Comparison of Serologic Celiac Disease in Patients with Hypothyroidism and Healthy Controls: A Case-Control Study

Document Type : Original Article


1 Liver and Digestive Research Center, Research Institute for Health Development, Kurdistan University of Medical Sciences, Sanandaj, Iran

2 Student Research Committee, Shiraz University of Medical Sciences, Shiraz, Iran

3 Student Research Committee, Shahid Sadoughi University of Medical Sciences, Yazd, Iran

4 Cancer Epidemiology Research and Treatment Center, Emam reza hospital, Tehran, Iran

5 Department of Toxicology and Pharmacology, Faculty of Pharmacy, Tehran University of Medical Sciences, Tehran, Iran

6 Colorectal research center, Shiraz University of Medical Sciences, Shiraz, Iran

7 Student Research Committee, Jahrom University of Medical Sciences, Jahrom, Iran



Objectives: Celiac disease often accompanies by other endocrinologic diseases such as hypothyroidism. We aimed to determine the prevalence of celiac disease in autoimmune and non-autoimmune and clinical and subclinical hypothyroidism based on serological evaluation. Methods: This case-control study was conducted in a referral clinic of Kurdistan University of Medical Sciences, Sanandaj Iran. The case group was assigned as patients who had clinical and subclinical hypothyroidism (based on TSH levels), and the control group included patients without any thyroid or gastrointestinal problems. The levels of anti-tissue transglutaminase antibody (anti-TTG) were assessed in all case and control patients. Results: Two-hundred and fifty patients (150 in the control group) were included in the final analysis. The mean age of patients was 37.4 ± 10.4, and there were no significant differences for age and gender between the case and control groups (P-value > 0.05). The celiac serology was positive in five patients in the case group (5%) and two in the control group (1.3%). Celiac positive serology was significantly higher in the case group than the control group (P < 0.05). Conclusions: While undiagnosed and untreated CD causes comorbidities in hypothyroid patients, timely CD diagnosis and treatment diminishes the complications that were caused. Considering the significant relation and growing prevalence, it seems logical to design a screening program to detect CD in hypothyroid patients, especially the clinical ones with autoimmune hypothyroidism, especially those who require higher doses of levothyroxine.

Graphical Abstract

Comparison of Serologic Celiac Disease in Patients with Hypothyroidism and Healthy Controls: A Case-Control Study


  1. Introduction

Celiac disease (CD) is an immune-related condition of the small bowel followed by over sensitivity and immune reaction to the gluten's dietary protein. [1] likewise, CD is increasingly associated with other endocrinological diseases, including hypothyroidism. [2] Its prevalence varies from less than 1% in the normal population to approximately 5% in patients with autoimmune thyroidal disease (ATD). Likewise, CD and thyroid disease's coincidence was associated with genetically determined due to the common detection of human lymphocyte antigen (HLA) in some reports. [3-6]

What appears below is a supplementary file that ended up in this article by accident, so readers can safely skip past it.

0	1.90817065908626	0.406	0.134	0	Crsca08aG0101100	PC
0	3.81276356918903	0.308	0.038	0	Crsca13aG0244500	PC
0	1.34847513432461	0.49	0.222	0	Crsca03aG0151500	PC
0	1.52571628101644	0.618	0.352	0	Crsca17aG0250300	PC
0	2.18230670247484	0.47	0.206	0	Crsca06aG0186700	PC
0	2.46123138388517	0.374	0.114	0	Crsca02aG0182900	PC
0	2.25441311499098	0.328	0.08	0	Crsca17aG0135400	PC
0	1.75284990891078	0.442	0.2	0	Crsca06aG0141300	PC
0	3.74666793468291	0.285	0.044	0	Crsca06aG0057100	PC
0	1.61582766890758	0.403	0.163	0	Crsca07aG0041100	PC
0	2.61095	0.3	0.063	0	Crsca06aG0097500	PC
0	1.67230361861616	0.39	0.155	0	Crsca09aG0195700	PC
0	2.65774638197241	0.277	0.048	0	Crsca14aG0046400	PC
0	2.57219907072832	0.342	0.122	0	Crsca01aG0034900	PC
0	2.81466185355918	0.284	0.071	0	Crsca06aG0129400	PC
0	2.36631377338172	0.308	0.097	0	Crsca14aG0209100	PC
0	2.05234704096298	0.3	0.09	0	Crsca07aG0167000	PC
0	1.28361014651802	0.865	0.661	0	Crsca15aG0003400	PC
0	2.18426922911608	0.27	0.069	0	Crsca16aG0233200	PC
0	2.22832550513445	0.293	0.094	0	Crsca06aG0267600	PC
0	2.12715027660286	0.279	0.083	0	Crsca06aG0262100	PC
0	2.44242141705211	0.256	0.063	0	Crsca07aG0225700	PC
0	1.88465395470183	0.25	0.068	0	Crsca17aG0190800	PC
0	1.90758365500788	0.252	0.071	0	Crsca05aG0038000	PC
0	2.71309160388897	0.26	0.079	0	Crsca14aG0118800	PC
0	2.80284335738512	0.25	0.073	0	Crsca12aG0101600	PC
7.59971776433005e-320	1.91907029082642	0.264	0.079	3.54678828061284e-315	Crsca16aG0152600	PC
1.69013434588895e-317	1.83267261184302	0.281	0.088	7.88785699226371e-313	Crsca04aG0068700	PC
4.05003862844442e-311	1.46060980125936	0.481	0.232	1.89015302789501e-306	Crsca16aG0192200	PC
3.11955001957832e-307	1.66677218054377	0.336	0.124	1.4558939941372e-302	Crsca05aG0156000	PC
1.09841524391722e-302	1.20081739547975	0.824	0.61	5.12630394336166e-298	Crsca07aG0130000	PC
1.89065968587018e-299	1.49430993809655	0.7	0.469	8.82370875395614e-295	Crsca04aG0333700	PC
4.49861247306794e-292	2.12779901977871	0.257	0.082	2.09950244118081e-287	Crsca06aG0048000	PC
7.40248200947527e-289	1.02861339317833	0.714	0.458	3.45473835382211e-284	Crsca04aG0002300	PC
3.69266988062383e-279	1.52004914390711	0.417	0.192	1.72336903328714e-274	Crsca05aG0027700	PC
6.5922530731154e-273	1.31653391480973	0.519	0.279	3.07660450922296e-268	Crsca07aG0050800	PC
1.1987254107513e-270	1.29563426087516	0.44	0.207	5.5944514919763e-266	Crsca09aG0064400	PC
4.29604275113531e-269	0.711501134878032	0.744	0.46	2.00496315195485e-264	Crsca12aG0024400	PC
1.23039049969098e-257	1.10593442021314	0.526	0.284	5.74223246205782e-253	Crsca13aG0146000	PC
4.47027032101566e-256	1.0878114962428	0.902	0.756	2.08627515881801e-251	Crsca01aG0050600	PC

Clinical manifestations extend from a classic malabsorption syndrome to atypical presentation such as anemia, osteoporosis, and phycological disorders. Likewise, several involved patients never indicate any disease symptoms, and only 10–20% of the histologically diagnosed CD are identified through clinical findings. [7] Furthermore, previous studies reported several cases presenting with persistent hypothyroidism who did not respond to a determinate levothyroxine dose that CD was diagnosed for them eventually. Since the management of the mentioned patients with gluten-free diet followed by subclinical CD recognition in hypothyroidism patients not only helps prevent the long-term complication of the CD but also economically viable by reducing the needed dose of levothyroxine. Moreover, autoimmune thyroiditis frequently ensues in patients medicated with alpha interferons, such as hepatitis C, and reports of interferon-alpha therapy inducing CD suggesting the interpretation of mutual etiological mechanisms between CD and autoimmune thyroiditis. [8-10]

Although, small bowel biopsy and villous atrophy observation considering as accurate and gold diagnostic methods. Given the cost and invasive nature of the biopsy, genetic and serologic laboratory tests may be used to identify individuals with a high possibility of having celiac disease. [11] In terms of serology, celiac disease is associated with various autoantibodies, including tissue transglutaminase (tTG), deamidated gliadin antibodies, and endomysial.  Anti-tTG is the first diagnostic step in suspected individuals. [12]

Previous studies usually reported the prevalence of CD in autoimmune thyroiditis. We designed a study to determine the relationship between the two diseases in autoimmune and non-autoimmune and clinical and subclinical hypothyroidism.


  1. Materials And Methods
    • Study design. This case-control study was conducted on patients referring to the Tohid clinic of Sanandaj, Kurdistan province, Northwestern Iran. For this study, two groups of patients were enrolled based on the simple sampling method. The first group, assigned as the case group, had clinical and subclinical hypothyroidism. The second group, assigned as the control group, included patients without gastrointestinal problems such as diarrhea, weight loss, etc. Both groups of patients were matched based on age and gender. Furthermore, TSH levels were assessed in the control group to rollout clinical hypothyroidism. Pregnant patients and patients who received immunosuppressive or corticosteroid, and patients who had significant weight loss or a history of diabetes were excluded from our study.